With permission to post:
So your school goes above and beyond Common Core. Should you still be worried?
By: Ann Marie Banfield
Lately I’ve been hearing from parents and even school board members that they are not concerned about the Common Core Standards because their district already goes above the new National Standards in English/Language Arts and Math. So should parents still be concerned? What should School Board Members do?
These are the questions that seem to be surfacing lately among many parents who are still concerned their district isn’t doing enough even after they’ve been told the local standards and curriculum exceed the Common Core Standards.
My answer is a simple YES. You still should be concerned and I’ll explain why.
The Common Core (CCSS) has many flaws and going above the CCSS does not fix all of the problems.
I recently had a discussion with a School Board Member in New Hampshire who seemed to understand Common Core didn’t go far enough. He was proud of the higher-level math courses that were still being offered in his district, so why should anyone be concerned? In fact, he was fine with using Common Core curriculum because they still offered the higher-level math classes for the students.
Offering higher-level math classes in high school is certainly good for the students. However preparing those students for those higher-level classes may be a problem that is not being addressed.
For instance he acknowledged that they were using Common Core curriculum. If that is true, then there is a good possibility that students will never reach those higher-level math classes he boasted about.
It’s great to offer Calculus, Pre-Calculus and Trigonometry, but if the students follow the Common Core path, many will never reach some of those higher-level classes.
For instance, one of the biggest problems with Common Core is that in the lower grades, CCSS Math Standards puts students on a path to Algebra I in 9th grade. Using the old and SUPERIOR California Math Standards, students were on a path to COMPLETE Algebra 1 by the end of 8th grade.
Students in the high performing countries are starting Algebra 1 sometimes by 6th and 7th grade. Under Common Core, students are at least two years behind their international peers when they enter high school. This also proves that under Common Core, our students will not be able to compete with their peers in the high performing countries.
Offering the higher-level classes is good and technically that would mean the school is going above the Common Core Standards. However if students follow the the Common Core path k-8, many will never reach Calculus. That will be a real problem for students who want to enter into a STEM program in college (Science, Technology, Engineering and Mathematics).
There are also developmentally inappropriate standards both in the Math and English Common Core Standards.
Asking students to learn material that is not appropriate for their age group can lead to frustrated children. We are already seeing numerous examples from parents across the country showing homework that not only confuses their child but confuses the parents too. Many of these parents are professionals who’ve earned a college degree in the math and science field.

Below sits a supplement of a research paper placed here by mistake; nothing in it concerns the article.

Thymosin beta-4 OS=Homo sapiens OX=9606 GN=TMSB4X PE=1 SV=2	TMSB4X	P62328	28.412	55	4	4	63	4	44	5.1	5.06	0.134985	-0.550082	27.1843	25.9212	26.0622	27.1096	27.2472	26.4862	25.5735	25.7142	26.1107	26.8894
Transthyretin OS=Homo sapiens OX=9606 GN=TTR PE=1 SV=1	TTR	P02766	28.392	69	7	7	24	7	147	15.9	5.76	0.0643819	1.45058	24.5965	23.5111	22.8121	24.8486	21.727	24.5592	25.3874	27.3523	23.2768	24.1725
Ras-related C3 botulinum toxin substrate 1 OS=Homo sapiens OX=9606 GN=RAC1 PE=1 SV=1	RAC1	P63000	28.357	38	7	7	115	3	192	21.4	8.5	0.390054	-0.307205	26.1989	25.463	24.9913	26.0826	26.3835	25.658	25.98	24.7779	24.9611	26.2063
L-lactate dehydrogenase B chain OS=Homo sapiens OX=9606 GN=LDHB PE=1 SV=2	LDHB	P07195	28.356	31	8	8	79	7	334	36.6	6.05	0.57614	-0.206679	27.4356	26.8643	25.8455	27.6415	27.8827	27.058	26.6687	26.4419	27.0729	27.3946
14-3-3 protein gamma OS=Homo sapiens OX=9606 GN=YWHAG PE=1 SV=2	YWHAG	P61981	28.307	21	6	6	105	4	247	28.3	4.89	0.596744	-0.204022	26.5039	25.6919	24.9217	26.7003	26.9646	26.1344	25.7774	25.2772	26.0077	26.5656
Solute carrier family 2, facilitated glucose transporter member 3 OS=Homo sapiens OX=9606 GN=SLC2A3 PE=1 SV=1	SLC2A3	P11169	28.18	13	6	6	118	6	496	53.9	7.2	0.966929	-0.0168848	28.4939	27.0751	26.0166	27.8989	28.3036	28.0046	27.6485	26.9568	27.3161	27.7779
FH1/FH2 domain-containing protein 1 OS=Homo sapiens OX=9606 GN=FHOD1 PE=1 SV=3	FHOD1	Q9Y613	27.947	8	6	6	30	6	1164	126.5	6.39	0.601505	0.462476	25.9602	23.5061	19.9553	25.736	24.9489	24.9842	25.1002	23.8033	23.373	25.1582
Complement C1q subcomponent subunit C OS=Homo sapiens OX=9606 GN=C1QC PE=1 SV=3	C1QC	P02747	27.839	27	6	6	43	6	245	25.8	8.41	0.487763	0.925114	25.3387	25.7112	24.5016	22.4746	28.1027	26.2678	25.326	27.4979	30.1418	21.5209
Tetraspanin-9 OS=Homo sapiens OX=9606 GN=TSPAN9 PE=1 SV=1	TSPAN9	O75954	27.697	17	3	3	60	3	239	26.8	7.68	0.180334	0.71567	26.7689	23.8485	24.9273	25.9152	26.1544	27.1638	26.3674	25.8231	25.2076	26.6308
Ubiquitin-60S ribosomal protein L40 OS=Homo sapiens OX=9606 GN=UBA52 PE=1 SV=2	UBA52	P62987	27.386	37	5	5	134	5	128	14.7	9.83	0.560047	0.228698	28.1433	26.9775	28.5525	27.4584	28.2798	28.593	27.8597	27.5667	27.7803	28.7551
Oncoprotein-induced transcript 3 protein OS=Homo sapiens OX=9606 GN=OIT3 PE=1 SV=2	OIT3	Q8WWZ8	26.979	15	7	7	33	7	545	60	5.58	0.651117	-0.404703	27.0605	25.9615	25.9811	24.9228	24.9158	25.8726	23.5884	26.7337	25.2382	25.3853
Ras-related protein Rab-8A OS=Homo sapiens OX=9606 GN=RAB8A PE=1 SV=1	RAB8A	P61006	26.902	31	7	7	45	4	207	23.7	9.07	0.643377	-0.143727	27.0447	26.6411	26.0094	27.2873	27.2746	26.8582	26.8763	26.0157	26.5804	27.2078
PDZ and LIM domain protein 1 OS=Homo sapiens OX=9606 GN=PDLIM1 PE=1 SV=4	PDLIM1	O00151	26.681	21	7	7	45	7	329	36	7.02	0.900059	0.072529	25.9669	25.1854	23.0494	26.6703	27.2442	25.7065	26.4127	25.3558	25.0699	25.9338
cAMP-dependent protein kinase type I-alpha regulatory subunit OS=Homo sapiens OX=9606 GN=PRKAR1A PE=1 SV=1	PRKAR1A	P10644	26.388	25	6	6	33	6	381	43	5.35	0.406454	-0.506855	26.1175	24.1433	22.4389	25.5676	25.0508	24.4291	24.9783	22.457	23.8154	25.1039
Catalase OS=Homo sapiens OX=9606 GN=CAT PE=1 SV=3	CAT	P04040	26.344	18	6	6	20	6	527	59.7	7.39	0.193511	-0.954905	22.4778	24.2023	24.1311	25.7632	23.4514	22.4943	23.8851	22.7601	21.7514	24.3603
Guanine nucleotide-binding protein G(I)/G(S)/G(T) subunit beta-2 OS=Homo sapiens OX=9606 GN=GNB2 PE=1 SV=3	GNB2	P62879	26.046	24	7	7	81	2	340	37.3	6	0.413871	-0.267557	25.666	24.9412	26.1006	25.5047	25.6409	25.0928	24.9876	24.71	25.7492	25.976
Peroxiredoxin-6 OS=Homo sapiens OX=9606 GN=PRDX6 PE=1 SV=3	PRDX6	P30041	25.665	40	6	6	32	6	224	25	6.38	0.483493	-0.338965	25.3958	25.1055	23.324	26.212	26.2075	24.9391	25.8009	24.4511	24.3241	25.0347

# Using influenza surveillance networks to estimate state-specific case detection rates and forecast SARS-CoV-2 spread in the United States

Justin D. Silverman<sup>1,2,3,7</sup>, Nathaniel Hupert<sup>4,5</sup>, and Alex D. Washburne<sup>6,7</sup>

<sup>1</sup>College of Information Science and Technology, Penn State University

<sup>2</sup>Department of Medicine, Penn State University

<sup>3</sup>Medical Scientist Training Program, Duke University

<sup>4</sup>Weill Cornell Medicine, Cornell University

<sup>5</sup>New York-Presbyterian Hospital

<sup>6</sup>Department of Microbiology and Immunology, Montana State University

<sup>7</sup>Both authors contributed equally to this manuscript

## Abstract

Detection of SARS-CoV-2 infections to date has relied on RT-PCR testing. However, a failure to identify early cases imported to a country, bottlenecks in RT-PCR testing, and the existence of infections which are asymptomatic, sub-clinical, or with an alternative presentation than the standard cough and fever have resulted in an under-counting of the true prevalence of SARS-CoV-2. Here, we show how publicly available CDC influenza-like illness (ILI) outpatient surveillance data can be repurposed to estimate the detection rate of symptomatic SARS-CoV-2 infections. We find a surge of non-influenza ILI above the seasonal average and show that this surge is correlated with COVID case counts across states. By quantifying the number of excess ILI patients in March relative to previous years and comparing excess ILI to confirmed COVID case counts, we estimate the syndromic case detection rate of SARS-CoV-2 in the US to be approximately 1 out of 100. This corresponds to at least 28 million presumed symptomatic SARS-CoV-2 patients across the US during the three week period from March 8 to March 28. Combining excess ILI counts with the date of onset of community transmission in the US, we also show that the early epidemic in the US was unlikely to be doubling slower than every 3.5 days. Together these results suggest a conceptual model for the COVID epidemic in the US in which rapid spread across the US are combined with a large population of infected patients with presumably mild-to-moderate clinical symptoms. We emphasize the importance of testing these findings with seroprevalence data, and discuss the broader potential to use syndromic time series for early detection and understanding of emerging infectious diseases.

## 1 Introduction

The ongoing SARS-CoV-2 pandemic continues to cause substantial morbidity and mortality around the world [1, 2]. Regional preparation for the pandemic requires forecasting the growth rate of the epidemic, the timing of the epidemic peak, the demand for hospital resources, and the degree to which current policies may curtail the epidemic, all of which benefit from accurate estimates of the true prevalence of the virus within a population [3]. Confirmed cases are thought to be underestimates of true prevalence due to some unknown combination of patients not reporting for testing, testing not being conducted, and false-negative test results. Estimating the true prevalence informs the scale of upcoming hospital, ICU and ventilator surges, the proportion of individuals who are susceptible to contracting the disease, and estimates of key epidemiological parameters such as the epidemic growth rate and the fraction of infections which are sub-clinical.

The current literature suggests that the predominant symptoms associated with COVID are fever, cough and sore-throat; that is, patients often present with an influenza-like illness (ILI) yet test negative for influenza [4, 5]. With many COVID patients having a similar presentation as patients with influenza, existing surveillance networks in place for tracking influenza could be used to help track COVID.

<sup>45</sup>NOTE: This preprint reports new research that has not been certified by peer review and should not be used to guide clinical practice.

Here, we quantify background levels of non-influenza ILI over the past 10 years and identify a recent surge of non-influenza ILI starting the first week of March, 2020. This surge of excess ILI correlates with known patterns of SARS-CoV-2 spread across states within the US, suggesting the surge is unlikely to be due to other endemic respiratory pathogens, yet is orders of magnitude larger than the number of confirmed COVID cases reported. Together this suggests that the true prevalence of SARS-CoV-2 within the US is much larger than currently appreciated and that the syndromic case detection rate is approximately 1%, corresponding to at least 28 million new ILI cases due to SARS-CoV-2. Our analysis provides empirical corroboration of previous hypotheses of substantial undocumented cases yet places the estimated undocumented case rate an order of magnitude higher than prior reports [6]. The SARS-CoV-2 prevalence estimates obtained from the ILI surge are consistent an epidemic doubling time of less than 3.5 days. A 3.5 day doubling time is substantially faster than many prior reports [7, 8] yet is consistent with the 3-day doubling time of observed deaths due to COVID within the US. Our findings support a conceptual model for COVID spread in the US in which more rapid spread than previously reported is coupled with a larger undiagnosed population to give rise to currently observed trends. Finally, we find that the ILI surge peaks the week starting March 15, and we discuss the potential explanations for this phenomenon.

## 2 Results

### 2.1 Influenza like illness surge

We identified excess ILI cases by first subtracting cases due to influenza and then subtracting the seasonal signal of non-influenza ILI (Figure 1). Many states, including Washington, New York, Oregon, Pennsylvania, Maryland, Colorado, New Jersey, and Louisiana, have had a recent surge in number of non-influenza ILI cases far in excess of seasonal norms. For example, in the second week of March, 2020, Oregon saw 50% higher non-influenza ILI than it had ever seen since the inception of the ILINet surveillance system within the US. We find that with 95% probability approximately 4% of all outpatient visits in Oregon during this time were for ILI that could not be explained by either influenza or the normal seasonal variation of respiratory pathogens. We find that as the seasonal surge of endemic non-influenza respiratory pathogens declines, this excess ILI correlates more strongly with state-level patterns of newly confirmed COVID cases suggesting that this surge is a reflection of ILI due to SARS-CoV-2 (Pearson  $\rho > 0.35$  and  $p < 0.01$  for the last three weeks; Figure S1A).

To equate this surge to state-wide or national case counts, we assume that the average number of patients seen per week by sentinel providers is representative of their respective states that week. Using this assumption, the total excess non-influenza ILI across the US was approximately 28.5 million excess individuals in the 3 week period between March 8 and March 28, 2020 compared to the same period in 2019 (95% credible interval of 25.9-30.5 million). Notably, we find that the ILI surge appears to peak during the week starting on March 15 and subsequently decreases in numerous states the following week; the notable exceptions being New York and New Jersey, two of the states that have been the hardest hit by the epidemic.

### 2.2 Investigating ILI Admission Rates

Using confusing math practices that cause children to struggle can lead them to tutors or worse to hate the subject.
If a school district is going above and beyond the Common Core Standards, parents still need to be very concerned about what curriculum will be chosen. If your children are assigned Common Core textbooks and curriculum that leaves them angry and frustrated because they are confused by an assignment, that can be a serious problem.
The first thing to do is make sure your district does include those higher level math courses that were completely ignored by the developers of Common Core.
Look at the curriculum chosen. If the textbooks and curriculum say “Common Core” does it include material that is developmentally inappropriate for children? Will your children become confused by the multiple algorithms and strategies in mathematics that often kill the love of learning?
Has your district given you a clear indication when the majority of students will complete Algebra I. If it’s not by grade 7 or 8, then your children may be on a path that will make it difficult for them to qualify for a selective University if they want to go into the STEM fields.
Has there been a shift away from classical literature that helps students develop a rich vocabulary and can significantly improve their writing skills? Great readers become great writers. However with Common Core, there is a fundamental shift away from the classics to informational texts. This dumbs down the English/Language Arts content and can be a real issue when they begin their college application process.
In conclusion, going above and beyond Common Core is not a simple solution to a complex problem like Common Core. This is exactly why the New Hampshire Department of Education failed the public schools in New Hampshire. Had they done their job under the guidance of Governor Hassan and developed quality academic standards we could all trust in, parents wouldn’t be in the position of now having to do extensive research.
As your representatives, your School Board Members should be able to identify the problems with the Common Core Standards, and show you exactly how the Administrators have corrected and exceeded them in ALL areas. Simply saying the district has gone ABOVE and BEYOND Common Core is not good enough.
If they have not done this at the local level, then it’s important for parents to begin calling upon their Board members to provide this information to the public.
Only then can parents truly feel comfortable with any district that makes the claim that they go above and beyond Common Core.